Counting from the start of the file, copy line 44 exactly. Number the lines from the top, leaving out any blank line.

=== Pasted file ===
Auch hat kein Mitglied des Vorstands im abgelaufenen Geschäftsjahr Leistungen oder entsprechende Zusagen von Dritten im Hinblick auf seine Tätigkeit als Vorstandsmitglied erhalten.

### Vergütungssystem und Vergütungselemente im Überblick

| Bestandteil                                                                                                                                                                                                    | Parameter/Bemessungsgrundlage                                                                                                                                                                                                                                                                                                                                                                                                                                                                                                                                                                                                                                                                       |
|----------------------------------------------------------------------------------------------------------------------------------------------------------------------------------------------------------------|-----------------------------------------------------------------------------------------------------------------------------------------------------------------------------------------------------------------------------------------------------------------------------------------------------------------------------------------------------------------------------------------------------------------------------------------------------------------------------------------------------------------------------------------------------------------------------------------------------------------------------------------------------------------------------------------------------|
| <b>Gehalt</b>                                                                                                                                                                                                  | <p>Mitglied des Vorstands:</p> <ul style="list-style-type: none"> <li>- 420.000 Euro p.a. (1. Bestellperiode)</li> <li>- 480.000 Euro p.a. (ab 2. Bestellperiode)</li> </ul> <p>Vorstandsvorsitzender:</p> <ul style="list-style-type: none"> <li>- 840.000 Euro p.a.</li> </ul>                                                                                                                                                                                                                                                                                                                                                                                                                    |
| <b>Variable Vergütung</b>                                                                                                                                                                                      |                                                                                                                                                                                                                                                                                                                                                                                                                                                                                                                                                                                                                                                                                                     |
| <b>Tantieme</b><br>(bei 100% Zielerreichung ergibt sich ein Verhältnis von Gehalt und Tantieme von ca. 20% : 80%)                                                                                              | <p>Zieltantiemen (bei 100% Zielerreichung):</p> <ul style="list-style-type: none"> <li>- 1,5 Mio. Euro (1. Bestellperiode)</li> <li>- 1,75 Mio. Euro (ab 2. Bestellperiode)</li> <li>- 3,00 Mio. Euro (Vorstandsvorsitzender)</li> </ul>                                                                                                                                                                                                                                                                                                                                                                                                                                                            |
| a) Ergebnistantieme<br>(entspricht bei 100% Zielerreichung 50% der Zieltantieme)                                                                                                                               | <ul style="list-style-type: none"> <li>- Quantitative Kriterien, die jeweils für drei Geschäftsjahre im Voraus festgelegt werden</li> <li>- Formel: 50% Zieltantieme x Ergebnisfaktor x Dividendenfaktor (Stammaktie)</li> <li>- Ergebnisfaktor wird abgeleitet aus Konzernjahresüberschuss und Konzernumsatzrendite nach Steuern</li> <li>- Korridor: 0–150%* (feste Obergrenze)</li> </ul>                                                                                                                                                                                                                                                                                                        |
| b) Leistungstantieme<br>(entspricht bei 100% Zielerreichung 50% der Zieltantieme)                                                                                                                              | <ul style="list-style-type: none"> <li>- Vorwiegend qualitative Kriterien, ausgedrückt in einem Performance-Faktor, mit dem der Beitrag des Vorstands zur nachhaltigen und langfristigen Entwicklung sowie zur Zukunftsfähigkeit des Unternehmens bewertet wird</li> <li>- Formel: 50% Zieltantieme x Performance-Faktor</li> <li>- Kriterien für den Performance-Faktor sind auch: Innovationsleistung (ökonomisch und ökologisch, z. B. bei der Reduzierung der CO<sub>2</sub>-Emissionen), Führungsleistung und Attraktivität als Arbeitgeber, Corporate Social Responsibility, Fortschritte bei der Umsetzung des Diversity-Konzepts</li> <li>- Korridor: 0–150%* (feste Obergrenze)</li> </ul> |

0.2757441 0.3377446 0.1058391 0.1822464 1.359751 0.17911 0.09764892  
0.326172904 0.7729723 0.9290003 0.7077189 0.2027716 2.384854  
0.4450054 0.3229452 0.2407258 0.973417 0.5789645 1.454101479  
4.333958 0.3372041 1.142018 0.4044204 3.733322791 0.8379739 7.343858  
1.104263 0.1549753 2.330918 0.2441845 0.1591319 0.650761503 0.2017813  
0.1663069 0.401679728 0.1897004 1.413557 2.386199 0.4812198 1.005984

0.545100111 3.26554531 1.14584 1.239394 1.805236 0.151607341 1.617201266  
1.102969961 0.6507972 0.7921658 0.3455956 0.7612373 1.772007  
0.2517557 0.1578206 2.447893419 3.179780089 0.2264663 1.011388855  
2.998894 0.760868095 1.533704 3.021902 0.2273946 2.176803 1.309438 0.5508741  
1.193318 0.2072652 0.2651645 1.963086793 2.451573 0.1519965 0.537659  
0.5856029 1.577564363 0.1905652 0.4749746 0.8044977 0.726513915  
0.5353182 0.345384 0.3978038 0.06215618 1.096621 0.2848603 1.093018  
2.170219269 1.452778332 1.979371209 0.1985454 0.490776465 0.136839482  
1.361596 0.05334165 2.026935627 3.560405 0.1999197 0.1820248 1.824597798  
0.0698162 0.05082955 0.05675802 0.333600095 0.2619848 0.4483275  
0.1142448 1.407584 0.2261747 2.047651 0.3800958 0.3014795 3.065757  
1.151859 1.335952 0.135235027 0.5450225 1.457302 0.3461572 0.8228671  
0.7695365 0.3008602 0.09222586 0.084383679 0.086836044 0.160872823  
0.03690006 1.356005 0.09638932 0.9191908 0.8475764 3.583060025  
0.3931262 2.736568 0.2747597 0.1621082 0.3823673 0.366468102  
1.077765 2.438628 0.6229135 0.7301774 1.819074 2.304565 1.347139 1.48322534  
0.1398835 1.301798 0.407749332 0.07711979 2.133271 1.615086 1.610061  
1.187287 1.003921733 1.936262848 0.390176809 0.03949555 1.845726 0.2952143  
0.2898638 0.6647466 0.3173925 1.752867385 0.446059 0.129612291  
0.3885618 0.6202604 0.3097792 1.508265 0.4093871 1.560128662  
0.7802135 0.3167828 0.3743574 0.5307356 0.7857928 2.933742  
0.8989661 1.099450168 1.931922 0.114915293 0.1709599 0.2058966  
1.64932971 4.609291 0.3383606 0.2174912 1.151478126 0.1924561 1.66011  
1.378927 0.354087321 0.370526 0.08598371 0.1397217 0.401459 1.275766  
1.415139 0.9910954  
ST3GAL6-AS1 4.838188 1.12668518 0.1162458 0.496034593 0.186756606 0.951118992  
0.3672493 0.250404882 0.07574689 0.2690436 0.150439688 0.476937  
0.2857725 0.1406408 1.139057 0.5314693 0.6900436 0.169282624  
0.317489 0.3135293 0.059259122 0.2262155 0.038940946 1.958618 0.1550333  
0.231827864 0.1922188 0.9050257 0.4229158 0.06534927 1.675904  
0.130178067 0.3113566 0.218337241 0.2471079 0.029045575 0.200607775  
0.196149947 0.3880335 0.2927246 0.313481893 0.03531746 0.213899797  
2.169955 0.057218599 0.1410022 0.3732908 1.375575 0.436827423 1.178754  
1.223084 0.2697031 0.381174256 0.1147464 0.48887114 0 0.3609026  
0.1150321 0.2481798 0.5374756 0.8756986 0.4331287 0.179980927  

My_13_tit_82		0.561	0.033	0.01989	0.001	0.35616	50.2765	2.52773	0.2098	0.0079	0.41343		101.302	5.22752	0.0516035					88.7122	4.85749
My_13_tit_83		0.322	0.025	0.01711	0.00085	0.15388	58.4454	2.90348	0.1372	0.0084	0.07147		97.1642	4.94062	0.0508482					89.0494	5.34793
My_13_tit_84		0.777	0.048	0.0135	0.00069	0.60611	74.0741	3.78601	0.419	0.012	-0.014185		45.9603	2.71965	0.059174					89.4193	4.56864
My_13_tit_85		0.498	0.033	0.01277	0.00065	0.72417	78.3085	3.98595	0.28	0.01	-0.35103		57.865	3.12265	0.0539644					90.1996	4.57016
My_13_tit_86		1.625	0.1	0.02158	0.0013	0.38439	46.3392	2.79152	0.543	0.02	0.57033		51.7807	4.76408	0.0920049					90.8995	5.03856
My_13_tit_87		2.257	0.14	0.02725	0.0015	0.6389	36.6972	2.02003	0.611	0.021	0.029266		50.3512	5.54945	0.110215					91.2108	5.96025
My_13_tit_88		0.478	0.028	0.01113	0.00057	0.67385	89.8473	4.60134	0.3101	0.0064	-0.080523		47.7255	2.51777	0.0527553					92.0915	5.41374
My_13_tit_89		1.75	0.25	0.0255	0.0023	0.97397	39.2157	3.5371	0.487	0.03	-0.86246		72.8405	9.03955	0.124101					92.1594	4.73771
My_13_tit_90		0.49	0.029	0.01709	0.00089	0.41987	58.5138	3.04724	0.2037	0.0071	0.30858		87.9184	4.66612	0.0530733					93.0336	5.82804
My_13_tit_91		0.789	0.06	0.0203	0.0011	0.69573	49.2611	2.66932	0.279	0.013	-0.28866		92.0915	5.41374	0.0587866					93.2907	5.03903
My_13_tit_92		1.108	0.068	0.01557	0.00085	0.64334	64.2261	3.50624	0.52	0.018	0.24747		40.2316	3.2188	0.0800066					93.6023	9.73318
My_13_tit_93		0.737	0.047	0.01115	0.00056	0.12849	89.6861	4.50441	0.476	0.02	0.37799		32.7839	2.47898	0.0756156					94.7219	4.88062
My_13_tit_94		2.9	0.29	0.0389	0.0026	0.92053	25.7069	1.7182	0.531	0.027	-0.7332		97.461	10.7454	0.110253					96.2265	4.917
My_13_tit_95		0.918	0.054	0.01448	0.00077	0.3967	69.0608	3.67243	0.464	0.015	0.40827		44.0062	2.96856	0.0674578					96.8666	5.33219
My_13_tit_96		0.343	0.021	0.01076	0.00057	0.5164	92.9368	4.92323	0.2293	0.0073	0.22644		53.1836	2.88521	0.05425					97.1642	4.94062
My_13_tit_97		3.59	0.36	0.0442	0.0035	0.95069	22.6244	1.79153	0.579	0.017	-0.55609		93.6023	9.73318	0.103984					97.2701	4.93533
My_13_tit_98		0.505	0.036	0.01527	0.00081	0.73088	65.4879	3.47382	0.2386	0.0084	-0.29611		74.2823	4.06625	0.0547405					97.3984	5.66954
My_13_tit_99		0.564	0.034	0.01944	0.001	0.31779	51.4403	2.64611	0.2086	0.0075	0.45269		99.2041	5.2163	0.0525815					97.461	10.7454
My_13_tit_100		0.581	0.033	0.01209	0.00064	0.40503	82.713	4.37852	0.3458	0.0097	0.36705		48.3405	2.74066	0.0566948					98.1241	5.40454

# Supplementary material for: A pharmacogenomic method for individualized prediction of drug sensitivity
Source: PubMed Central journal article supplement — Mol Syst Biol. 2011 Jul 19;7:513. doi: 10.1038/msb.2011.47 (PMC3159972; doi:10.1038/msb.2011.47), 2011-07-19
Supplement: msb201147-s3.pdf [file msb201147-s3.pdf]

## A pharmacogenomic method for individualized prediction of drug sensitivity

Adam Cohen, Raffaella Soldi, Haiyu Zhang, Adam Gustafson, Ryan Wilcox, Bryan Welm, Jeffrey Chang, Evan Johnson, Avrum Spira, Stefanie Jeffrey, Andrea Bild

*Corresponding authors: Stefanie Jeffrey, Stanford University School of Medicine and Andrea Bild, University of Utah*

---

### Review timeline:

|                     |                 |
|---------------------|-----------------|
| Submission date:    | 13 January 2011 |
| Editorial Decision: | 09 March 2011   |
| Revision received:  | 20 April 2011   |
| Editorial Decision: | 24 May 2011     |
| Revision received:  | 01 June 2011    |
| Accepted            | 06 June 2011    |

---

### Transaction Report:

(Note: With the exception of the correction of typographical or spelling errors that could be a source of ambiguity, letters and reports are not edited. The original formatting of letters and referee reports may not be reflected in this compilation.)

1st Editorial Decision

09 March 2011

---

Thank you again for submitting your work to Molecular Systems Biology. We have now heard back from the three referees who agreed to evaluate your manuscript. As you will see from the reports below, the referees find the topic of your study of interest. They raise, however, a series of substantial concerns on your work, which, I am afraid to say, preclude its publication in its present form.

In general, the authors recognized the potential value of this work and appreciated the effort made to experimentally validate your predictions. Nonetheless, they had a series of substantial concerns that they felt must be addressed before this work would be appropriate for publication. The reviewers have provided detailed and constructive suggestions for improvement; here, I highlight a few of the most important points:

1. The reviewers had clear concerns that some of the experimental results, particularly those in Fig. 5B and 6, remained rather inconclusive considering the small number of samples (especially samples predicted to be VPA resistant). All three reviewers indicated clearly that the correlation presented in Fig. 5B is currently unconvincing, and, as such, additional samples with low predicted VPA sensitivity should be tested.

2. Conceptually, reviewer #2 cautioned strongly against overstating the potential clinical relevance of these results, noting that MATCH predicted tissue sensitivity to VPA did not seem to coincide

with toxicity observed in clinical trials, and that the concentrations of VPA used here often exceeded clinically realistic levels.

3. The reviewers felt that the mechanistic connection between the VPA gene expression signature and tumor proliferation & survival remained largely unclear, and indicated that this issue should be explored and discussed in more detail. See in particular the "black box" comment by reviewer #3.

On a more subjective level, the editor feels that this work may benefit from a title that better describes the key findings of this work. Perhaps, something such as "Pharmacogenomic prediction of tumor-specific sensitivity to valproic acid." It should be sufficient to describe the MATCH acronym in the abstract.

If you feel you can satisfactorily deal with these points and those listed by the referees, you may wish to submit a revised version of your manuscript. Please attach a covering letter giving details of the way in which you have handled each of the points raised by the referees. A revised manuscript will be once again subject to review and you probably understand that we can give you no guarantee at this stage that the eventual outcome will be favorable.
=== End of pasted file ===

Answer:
0.317489 0.3135293 0.059259122 0.2262155 0.038940946 1.958618 0.1550333  